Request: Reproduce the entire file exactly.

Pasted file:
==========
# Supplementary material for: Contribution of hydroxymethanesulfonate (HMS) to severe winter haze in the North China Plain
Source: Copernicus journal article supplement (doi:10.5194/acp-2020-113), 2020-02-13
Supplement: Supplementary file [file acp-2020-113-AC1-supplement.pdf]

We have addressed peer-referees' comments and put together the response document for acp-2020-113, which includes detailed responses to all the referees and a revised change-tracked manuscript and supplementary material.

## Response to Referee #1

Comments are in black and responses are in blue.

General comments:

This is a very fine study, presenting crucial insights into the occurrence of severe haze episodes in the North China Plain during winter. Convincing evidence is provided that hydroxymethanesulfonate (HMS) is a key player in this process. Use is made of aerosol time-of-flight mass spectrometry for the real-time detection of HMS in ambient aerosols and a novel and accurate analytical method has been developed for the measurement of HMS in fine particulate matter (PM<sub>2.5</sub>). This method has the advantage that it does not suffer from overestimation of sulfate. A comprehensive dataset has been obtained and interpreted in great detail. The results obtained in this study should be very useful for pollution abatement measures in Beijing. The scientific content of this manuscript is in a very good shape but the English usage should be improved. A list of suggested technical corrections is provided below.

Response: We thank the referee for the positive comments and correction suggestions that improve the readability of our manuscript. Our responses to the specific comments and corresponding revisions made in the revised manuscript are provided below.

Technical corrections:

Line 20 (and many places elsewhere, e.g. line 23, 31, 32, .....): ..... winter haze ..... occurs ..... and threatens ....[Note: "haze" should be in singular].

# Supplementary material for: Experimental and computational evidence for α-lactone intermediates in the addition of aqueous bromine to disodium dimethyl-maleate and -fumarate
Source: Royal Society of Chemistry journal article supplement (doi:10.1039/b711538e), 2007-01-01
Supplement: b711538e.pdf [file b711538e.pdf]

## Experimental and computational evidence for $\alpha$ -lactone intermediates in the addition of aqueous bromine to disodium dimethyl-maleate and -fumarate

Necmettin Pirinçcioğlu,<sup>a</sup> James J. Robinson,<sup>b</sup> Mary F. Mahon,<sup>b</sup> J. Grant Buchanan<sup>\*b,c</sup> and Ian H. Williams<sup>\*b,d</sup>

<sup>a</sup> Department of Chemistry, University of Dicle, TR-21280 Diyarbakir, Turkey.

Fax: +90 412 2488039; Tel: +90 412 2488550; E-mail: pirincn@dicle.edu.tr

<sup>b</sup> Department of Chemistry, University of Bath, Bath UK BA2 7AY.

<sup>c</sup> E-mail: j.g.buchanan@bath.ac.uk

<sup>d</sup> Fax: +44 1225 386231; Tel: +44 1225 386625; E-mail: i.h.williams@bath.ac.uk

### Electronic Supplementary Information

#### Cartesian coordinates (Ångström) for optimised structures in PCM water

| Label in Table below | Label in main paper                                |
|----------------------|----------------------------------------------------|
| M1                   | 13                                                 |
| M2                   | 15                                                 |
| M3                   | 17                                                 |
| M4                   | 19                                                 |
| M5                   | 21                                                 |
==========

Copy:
# Supplementary material for: Contribution of hydroxymethanesulfonate (HMS) to severe winter haze in the North China Plain
Source: Copernicus journal article supplement (doi:10.5194/acp-2020-113), 2020-02-13
Supplement: Supplementary file [file acp-2020-113-AC1-supplement.pdf]

We have addressed peer-referees' comments and put together the response document for acp-2020-113, which includes detailed responses to all the referees and a revised change-tracked manuscript and supplementary material.

## Response to Referee #1

Comments are in black and responses are in blue.

General comments:

This is a very fine study, presenting crucial insights into the occurrence of severe haze episodes in the North China Plain during winter. Convincing evidence is provided that hydroxymethanesulfonate (HMS) is a key player in this process. Use is made of aerosol time-of-flight mass spectrometry for the real-time detection of HMS in ambient aerosols and a novel and accurate analytical method has been developed for the measurement of HMS in fine particulate matter (PM<sub>2.5</sub>). This method has the advantage that it does not suffer from overestimation of sulfate. A comprehensive dataset has been obtained and interpreted in great detail. The results obtained in this study should be very useful for pollution abatement measures in Beijing. The scientific content of this manuscript is in a very good shape but the English usage should be improved. A list of suggested technical corrections is provided below.

Response: We thank the referee for the positive comments and correction suggestions that improve the readability of our manuscript. Our responses to the specific comments and corresponding revisions made in the revised manuscript are provided below.

Technical corrections:

Line 20 (and many places elsewhere, e.g. line 23, 31, 32, .....): ..... winter haze ..... occurs ..... and threatens ....[Note: "haze" should be in singular].

# Supplementary material for: Experimental and computational evidence for α-lactone intermediates in the addition of aqueous bromine to disodium dimethyl-maleate and -fumarate
Source: Royal Society of Chemistry journal article supplement (doi:10.1039/b711538e), 2007-01-01
Supplement: b711538e.pdf [file b711538e.pdf]

## Experimental and computational evidence for $\alpha$ -lactone intermediates in the addition of aqueous bromine to disodium dimethyl-maleate and -fumarate

Necmettin Pirinçcioğlu,<sup>a</sup> James J. Robinson,<sup>b</sup> Mary F. Mahon,<sup>b</sup> J. Grant Buchanan<sup>\*b,c</sup> and Ian H. Williams<sup>\*b,d</sup>

<sup>a</sup> Department of Chemistry, University of Dicle, TR-21280 Diyarbakir, Turkey.

Fax: +90 412 2488039; Tel: +90 412 2488550; E-mail: pirincn@dicle.edu.tr

<sup>b</sup> Department of Chemistry, University of Bath, Bath UK BA2 7AY.

<sup>c</sup> E-mail: j.g.buchanan@bath.ac.uk

<sup>d</sup> Fax: +44 1225 386231; Tel: +44 1225 386625; E-mail: i.h.williams@bath.ac.uk

### Electronic Supplementary Information

#### Cartesian coordinates (Ångström) for optimised structures in PCM water

| Label in Table below | Label in main paper                                |
|----------------------|----------------------------------------------------|
| M1                   | 13                                                 |
| M2                   | 15                                                 |
| M3                   | 17                                                 |
| M4                   | 19                                                 |
| M5                   | 21                                                 |